The day I ran into the two bird hunters that I talk about toward the end of the book, helped me change my tune a little bit. I felt better about hunting after that day. The realization that no one I know is perfect, and that I don’t have to be perfect either, nudged me a little more. I decided that since I am only human, I am entitled to be ignorant about certain things and to lack judgment at times, just like everyone else. I felt comfortable with admitting that. I also felt I had a story that came at hunting from an angle unique to anything I’d ever read before, and thought some people may find it interesting. After much consideration, I decided to proceed with publishing this book.

I also saw the book as a way to send a helpful message. After talking to many other deer hunters about it, I realized most were totally ignorant when it came to the laws regarding putting minerals out for deer, just like I was. My ignorance and lack of judgment is no excuse, and I take full responsibility for it. Everyone I talked to after my incident said they knew better than to put them out and hunt over them, but very few were aware you can’t put them out at all, and if they did know, as I found out, most were ignoring it completely. I personally knew of the law, but didn’t take it seriously. I thought it was like going 70 mph in a 65 mph zone, or wagering on a football game. Even though breaking this law amounts to nothing more than a traffic ticket, it is still something hunters need to be clear on.

Putting minerals out is acceptable in most every other state, and was acceptable in Illinois up until about 5 years ago. A few cases of Chronic Wasting Disease reported in a few northernmost counties of the state prompted the state to change the law for fear of this disease spreading throughout the herd. Like many laws in our state made to benefit Chicago, this is another law needed up north that has absolutely no merit or purpose in our area.

The fact that these baits fill shelves in every store with a sporting goods section in Illinois doesn’t help either. What kind of message does that give the hunter when he sees a whole aisle dedicated to nothing but these products? I can think of no other example where a product has been banned from use on a federal or state level, but is still readily available for sale in practically every store you walk into. This is certainly a unique situation, and definitely very confusing to hunters.

I contacted Senator Bill Brady’s office about the issue and was told that these products cannot be banned because they are instrumental in the feeding of domestic livestock. If they are for feeding livestock then why are there pictures of deer on every package, and why are they in the hunting section? We do own domestic livestock, and we do buy mineral products in the domestic livestock section, not in the deer hunting section. I highly doubt many farmers go into a sporting goods store, and go to the deer hunting section to purchase essential nutrients for their livestock.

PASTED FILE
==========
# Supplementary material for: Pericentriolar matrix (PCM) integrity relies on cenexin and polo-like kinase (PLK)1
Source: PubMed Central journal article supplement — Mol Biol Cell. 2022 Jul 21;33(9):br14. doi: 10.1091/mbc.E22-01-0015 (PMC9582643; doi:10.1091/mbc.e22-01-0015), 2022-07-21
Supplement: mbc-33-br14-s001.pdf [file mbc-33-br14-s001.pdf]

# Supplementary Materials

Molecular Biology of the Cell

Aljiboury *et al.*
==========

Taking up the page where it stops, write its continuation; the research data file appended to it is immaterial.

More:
Obviously, the Illinois Department of Natural Resources doesn’t take the CWD threat seriously either. If they did, they too would push to have these products taken off of the shelves. If they aren’t willing to take it seriously, how can they expect anyone else to take it seriously? Hopefully this book will serve to educate those who aren’t aware, or are confused by this law, and hopefully, it will ultimately result in the banning of these products from the shelves.

I did my best in this book to tell my story accurately. The real story in its entirety is far more fascinating and sensational than what I was able to put into print. After consulting an attorney, I learned freedom of speech in America doesn’t really exist anymore. Out of respect for many of the people written about, in order to protect the sport of hunting, and to avoid legal problems in the form of libel, I had to keep certain events that took place during the season out of the book. Even though it is a watered down version of the complete story, the story itself is all there. I hope you enjoy this unique look into the world of deer hunting.

"Go afield with a good attitude, with respect for the

wildlife you hunt and for the forests and fields in

which you walk. Immerse yourself in the outdoors

experience. It will cleanse your soul and make you a

better person."

                                                   Fred Bear

THE GOLDEN DAYS

I wasn’t here when the Indians lived and hunted on the very ground I hunt now. I know they were here though, right here. There’s a rock with a plaque on it telling the story of a trading post where white men traded with Indians on the corner of the property near where I hunt. I wasn’t around when the white man invaded their hunting grounds and pushed them west. I’m sure they tried to defend their right to hunt and live there, but they were driven out with the passage of the Indian Removal Act. The last treaty between the United States and the Indians of Illinois was made with the Kickapoo in 1833, when that group agreed to relocate in Kansas. I wasn’t here then, but I’ve read about it. Learning history is important, it tends to repeat itself.